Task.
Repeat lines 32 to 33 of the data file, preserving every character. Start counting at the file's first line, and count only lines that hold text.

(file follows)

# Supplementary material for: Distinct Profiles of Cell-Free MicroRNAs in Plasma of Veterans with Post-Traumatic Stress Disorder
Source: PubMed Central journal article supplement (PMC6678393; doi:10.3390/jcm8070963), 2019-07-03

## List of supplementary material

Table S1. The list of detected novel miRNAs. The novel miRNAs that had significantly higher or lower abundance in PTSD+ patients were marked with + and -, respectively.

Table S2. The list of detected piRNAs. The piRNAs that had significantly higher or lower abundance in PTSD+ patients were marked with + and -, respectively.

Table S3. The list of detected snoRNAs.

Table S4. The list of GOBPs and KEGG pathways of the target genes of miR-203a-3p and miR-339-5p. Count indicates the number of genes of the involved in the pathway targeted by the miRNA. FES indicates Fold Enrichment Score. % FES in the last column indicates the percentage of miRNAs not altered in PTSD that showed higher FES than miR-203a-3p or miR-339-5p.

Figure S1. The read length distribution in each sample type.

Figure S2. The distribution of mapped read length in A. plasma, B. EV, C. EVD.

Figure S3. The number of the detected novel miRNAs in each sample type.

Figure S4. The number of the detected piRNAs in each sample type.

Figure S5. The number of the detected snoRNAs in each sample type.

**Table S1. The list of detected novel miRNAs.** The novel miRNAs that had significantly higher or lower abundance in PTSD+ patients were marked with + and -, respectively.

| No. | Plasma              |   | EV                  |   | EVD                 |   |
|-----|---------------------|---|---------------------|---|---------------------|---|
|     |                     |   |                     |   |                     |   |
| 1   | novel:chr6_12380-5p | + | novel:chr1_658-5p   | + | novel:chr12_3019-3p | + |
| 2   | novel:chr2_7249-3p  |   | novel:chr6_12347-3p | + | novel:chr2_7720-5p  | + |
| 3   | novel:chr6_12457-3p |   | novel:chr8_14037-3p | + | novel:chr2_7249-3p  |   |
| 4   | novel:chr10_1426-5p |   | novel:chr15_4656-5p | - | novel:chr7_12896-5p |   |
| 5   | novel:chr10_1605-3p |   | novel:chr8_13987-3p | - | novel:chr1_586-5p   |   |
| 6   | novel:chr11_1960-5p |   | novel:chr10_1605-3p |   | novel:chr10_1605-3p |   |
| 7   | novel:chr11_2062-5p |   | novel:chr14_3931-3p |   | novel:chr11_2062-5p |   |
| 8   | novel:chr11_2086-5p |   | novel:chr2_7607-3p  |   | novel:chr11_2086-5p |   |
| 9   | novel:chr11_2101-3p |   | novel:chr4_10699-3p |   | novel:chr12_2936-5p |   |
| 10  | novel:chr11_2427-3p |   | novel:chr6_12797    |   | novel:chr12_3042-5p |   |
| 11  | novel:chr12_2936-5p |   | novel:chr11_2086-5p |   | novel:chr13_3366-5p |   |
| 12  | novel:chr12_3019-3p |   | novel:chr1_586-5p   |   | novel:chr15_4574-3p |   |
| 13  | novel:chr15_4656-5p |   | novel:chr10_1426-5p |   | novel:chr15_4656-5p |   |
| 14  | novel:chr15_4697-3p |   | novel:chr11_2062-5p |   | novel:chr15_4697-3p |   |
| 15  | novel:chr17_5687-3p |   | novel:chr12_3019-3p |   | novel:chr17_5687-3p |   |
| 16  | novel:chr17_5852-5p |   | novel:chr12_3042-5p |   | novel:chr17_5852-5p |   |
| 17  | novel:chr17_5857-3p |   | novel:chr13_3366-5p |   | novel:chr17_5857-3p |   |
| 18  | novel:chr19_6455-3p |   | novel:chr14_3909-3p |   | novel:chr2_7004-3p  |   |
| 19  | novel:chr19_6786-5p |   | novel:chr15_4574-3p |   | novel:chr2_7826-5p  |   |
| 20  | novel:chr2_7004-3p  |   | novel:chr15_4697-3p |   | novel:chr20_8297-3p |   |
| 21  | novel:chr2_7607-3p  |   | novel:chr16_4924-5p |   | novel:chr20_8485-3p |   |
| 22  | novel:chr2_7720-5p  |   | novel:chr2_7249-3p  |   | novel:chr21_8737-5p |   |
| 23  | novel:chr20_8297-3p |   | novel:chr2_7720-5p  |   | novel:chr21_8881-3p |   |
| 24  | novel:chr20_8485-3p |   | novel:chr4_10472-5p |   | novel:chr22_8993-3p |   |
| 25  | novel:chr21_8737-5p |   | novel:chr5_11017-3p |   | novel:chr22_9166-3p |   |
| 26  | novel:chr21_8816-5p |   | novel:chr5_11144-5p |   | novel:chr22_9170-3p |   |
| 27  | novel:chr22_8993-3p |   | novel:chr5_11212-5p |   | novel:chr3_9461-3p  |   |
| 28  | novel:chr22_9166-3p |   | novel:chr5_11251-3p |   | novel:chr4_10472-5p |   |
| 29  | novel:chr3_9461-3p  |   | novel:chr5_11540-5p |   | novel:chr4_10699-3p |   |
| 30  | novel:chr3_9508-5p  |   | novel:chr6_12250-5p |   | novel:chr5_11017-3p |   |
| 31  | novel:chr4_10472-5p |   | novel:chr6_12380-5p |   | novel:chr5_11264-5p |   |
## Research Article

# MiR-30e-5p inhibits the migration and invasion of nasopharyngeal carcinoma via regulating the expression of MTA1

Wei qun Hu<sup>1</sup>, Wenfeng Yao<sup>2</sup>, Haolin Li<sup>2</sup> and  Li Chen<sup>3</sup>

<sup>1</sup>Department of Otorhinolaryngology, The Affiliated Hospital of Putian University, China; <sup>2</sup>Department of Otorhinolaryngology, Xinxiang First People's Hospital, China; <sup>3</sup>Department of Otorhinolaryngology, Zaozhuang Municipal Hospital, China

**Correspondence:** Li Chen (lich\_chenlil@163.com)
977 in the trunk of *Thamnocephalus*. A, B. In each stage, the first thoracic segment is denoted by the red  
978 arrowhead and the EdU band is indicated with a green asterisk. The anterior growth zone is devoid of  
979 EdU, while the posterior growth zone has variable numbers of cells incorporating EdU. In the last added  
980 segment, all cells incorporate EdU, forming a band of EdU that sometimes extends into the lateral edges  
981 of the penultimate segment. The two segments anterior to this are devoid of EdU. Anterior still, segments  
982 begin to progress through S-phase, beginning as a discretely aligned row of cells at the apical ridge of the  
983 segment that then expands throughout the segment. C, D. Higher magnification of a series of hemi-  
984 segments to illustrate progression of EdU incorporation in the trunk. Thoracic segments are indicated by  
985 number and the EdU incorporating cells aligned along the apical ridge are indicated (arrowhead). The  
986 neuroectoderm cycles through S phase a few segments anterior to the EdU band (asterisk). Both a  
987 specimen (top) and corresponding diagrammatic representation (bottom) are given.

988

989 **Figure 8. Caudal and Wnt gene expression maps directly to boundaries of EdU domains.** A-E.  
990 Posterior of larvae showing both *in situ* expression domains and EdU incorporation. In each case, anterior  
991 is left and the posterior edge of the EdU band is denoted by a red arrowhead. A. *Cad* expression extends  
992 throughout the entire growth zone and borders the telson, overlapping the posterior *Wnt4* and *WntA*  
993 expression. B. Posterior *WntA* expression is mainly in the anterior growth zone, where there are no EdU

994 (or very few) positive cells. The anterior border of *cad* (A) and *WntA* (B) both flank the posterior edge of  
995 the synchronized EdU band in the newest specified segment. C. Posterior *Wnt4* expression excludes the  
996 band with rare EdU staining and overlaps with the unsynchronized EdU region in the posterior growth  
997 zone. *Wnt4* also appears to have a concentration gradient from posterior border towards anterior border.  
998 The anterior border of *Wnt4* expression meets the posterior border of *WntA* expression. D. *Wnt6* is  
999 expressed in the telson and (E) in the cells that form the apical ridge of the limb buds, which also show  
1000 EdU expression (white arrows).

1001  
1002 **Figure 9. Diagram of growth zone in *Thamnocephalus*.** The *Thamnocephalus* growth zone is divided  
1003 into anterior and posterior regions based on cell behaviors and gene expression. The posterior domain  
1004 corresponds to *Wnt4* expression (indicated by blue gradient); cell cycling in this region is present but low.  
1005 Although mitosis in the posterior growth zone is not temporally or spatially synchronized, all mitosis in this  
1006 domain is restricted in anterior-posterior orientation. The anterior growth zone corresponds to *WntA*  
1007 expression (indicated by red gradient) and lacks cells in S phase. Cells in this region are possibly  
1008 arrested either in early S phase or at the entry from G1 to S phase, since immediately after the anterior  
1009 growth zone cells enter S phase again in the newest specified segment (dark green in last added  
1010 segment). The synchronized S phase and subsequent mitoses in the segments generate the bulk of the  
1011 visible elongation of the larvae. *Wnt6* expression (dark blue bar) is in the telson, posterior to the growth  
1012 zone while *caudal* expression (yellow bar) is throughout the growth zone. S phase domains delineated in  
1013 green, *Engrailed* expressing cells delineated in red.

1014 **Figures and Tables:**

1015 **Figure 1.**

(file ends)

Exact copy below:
| 16  | novel:chr17_5852-5p |   | novel:chr12_3042-5p |   | novel:chr17_5852-5p |   |
| 17  | novel:chr17_5857-3p |   | novel:chr13_3366-5p |   | novel:chr17_5857-3p |   |